One notion that he does discuss in the book is whether it might be cheaper and more efficient to assign teachers to schools by lottery, and place pupils at their local schools. He credits The Guardian article of the 1st April 1998, by Martin Wainwright, who picked up on Boyle’s mention of the idea by a blogger – an early exponent of the art – who had suggested it as a way of saving parents having to shop-around.

Now, where teachers are a scare resource, it might be an interesting way of ensuring some schools don’t hoard say Physics or Mathematics teachers in order to ensure good results throughout their schools. It might also sort out any price competition for these scare resources resulting from the abolition of national pay scales, and the introduction of a market derived free-for-all in wages.

To achieve this end would require a radical ditching of the philosophy of parental choice, and the unfettered use of markets, and the introduction of the notion of a national teaching stock. Is this something already being considered by parts of the DfE since it is not a million miles away from David Laws idea of national leaders of education assignable to particular schools, although he is looking to place these leaders in failing schools rather than randomly.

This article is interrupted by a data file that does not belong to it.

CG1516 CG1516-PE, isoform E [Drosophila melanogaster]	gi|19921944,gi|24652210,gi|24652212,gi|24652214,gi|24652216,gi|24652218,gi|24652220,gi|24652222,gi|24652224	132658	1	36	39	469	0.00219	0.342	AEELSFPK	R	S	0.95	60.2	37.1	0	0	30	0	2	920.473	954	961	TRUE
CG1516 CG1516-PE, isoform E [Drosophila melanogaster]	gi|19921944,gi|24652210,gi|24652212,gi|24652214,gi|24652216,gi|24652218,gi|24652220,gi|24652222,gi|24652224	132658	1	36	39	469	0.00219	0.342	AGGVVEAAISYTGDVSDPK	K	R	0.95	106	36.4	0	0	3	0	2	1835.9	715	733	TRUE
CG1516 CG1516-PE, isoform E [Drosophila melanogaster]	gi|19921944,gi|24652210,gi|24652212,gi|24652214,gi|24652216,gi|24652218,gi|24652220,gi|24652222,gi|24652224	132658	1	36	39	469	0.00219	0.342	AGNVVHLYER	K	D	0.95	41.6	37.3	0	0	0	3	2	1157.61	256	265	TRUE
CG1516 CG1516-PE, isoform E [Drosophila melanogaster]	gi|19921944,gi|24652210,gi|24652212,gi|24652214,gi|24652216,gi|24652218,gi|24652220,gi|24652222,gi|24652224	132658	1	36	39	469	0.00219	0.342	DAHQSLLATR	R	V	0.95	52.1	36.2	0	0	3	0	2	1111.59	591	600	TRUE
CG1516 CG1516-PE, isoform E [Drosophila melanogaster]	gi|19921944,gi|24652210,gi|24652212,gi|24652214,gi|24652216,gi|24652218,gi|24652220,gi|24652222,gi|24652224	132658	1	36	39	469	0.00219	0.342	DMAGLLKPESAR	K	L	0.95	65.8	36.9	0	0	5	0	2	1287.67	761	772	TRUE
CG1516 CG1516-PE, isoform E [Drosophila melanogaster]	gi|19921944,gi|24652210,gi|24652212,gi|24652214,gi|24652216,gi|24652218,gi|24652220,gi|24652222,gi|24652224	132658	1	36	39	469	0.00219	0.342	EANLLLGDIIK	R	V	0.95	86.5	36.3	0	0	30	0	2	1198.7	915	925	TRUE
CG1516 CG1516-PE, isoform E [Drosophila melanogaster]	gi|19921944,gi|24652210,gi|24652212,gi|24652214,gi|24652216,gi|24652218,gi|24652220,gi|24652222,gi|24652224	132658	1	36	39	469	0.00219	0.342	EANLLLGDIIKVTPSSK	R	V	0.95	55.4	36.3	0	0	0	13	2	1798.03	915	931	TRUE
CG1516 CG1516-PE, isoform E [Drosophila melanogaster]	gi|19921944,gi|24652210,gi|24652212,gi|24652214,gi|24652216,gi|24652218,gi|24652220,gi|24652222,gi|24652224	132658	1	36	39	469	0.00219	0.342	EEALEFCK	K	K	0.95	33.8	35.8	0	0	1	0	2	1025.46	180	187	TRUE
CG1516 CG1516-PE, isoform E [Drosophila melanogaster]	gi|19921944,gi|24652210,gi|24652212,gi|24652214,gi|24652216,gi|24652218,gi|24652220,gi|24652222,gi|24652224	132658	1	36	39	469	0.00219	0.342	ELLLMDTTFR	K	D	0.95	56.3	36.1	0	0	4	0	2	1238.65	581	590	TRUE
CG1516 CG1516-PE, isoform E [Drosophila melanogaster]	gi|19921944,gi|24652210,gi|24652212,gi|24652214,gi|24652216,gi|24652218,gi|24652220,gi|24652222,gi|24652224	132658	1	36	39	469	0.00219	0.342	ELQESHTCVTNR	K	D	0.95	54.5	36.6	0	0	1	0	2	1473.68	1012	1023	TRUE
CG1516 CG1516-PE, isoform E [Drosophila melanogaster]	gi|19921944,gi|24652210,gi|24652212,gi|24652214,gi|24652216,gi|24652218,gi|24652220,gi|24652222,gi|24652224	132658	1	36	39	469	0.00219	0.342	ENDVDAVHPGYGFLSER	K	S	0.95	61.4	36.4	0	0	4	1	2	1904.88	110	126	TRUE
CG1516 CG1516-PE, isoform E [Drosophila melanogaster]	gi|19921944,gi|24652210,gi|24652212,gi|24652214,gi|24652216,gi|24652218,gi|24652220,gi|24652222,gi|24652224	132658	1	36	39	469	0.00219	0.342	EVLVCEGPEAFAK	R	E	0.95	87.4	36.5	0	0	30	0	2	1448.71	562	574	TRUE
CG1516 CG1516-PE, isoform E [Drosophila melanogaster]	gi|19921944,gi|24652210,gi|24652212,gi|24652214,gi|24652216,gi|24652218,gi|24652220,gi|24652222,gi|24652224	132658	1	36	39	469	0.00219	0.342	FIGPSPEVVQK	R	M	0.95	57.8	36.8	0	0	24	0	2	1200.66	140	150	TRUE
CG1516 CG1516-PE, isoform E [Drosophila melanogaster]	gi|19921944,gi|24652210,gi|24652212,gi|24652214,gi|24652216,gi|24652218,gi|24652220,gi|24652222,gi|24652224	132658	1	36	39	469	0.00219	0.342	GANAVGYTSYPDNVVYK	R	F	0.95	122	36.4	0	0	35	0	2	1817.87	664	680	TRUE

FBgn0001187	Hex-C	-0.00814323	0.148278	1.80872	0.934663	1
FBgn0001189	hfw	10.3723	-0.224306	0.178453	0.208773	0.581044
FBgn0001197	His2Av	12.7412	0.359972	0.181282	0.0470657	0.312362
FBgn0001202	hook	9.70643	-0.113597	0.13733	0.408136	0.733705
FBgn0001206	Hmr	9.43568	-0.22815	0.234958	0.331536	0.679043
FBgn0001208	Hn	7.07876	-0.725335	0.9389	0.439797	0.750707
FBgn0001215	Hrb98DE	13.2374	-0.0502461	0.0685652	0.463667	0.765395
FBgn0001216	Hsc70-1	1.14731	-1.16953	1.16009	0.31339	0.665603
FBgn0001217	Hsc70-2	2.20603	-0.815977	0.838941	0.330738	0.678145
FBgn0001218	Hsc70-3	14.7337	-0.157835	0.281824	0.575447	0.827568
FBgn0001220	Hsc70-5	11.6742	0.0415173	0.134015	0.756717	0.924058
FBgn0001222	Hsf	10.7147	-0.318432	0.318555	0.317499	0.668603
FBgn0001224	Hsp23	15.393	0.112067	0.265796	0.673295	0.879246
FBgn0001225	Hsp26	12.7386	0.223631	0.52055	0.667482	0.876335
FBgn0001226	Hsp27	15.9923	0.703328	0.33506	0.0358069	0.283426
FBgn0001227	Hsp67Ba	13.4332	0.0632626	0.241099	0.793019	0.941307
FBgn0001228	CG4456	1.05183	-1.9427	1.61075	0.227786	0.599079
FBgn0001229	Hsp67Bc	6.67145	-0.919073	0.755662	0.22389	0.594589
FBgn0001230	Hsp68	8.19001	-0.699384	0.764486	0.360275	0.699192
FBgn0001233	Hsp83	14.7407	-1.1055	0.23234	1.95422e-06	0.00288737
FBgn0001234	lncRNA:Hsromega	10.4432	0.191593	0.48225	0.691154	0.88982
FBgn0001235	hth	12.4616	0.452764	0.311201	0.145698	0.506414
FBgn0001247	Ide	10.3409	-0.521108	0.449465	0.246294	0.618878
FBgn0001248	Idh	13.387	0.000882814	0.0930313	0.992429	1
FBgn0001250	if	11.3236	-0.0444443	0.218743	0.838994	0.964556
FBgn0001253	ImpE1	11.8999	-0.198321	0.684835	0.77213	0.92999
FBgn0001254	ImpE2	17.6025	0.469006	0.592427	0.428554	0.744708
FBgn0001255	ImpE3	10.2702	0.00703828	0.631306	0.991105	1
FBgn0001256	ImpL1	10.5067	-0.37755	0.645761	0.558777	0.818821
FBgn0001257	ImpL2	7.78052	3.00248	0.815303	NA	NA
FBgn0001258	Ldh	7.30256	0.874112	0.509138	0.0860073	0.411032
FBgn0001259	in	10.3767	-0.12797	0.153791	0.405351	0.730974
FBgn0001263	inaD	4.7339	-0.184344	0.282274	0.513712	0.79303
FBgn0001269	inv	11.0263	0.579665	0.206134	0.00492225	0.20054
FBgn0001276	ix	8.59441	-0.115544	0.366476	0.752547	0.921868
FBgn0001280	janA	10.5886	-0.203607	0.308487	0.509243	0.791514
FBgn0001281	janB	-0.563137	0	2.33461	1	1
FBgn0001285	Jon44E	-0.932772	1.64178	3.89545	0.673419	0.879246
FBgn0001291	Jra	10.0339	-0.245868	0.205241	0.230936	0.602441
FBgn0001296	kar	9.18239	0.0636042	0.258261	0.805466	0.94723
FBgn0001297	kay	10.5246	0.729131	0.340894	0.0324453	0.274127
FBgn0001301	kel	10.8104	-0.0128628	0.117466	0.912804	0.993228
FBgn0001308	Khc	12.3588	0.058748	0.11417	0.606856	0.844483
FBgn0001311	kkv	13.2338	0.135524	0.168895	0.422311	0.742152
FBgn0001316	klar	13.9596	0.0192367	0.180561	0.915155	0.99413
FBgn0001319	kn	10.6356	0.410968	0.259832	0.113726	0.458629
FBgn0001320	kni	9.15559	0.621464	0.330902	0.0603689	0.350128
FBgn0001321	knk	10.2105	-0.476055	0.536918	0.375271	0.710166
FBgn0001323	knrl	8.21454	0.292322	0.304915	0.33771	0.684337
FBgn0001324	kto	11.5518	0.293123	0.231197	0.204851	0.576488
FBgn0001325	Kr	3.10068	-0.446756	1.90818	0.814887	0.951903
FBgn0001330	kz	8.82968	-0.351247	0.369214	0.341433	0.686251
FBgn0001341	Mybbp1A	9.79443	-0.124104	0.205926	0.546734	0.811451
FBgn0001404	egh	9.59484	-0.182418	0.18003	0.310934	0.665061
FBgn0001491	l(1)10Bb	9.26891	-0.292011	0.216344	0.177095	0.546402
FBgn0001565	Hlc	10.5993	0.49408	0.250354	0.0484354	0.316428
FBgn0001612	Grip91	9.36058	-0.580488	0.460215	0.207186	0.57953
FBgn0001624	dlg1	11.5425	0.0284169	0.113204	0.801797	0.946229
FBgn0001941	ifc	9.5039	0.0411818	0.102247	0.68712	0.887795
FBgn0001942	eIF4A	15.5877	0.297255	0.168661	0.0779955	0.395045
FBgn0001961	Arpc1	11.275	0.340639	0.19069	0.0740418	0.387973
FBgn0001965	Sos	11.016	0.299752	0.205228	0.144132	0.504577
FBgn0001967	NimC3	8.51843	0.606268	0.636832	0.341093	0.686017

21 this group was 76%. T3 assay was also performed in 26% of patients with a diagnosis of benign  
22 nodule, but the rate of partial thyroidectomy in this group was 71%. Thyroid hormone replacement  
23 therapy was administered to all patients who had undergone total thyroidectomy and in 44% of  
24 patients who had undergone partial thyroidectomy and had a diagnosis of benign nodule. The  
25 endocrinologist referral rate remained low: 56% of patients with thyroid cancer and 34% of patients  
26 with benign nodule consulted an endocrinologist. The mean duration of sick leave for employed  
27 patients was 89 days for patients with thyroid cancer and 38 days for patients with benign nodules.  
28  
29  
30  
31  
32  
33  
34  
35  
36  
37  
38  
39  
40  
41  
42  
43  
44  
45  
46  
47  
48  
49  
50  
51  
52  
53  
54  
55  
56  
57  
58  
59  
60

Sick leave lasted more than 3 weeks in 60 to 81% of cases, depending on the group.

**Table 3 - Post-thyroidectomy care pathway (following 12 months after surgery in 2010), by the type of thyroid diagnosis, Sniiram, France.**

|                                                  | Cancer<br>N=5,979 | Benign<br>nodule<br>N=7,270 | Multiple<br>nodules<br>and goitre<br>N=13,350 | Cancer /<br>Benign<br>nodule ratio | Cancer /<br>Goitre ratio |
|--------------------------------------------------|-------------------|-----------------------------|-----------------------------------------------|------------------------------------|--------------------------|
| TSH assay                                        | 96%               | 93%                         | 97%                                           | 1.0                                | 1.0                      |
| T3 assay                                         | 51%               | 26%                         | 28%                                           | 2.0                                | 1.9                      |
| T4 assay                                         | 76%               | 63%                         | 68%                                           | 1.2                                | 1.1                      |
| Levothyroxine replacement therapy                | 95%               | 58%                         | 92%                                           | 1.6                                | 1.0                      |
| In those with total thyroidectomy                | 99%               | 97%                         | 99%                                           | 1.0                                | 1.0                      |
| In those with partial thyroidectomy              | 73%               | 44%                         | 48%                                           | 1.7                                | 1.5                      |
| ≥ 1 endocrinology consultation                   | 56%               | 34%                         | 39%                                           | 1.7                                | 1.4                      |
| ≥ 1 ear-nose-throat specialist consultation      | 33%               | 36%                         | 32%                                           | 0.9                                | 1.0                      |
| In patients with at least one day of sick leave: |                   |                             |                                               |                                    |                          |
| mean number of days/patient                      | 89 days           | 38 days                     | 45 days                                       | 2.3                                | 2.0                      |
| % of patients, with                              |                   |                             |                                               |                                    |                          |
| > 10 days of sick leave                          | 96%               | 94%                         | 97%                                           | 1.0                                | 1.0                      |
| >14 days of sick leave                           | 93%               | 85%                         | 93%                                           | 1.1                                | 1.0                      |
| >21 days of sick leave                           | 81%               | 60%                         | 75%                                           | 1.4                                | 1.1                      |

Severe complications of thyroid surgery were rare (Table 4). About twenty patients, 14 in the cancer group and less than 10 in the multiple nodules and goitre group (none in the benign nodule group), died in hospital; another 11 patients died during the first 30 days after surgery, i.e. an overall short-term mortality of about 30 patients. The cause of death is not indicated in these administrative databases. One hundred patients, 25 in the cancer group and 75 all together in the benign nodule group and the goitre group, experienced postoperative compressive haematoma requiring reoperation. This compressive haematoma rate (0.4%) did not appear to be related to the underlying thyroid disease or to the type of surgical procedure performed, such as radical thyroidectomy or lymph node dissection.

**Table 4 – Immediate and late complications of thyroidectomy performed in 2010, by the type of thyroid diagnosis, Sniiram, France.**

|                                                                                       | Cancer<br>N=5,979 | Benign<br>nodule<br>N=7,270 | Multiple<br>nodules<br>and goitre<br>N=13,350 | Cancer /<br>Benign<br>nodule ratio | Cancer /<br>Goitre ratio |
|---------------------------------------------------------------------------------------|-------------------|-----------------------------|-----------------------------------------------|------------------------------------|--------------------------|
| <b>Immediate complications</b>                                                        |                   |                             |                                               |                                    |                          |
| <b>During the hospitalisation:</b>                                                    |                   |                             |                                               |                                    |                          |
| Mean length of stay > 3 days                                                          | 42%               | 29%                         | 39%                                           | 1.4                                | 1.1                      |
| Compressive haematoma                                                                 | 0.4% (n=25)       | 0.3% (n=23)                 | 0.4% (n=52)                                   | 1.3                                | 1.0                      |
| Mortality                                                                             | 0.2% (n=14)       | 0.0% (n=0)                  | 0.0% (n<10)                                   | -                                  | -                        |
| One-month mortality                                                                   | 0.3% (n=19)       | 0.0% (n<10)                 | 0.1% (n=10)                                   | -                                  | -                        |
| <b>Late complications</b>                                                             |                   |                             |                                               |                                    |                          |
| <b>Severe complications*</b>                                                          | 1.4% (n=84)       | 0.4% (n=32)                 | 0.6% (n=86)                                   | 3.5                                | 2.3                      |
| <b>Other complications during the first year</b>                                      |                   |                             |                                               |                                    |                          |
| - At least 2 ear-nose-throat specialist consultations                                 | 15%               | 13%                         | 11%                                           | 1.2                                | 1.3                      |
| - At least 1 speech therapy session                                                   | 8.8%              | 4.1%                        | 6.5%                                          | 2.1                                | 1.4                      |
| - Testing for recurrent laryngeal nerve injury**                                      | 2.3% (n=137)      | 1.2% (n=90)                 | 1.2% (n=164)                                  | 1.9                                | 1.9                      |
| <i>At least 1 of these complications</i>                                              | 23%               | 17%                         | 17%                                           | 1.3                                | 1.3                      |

Taking the concept further might be too radical a step at present, but there does need to be a discussion about the national requirement for higher quality education, and the current use of the market to allocate teaching resources, especially if the winners are teachers able to enhance their earnings because of their scarcity even though they were content to enter teaching and work for a national wage. Allocating teachers by lottery would also be against the philosophy behind the School Direct training route, where schools are encouraged to train and recruit staff. School Direct doesn’t overcome the issue of the allocation of new teachers unless all schools are involved. Even then it may just move the problem to the selection stage from the current end of training job market.

If the emphasis is switching from allowing parents to choose schools to a desire either to create a fairer system or better still to raise the standard of schooling across the country, there is certainly a need to discuss how teachers are distributed through the system. Might a lottery be the answer?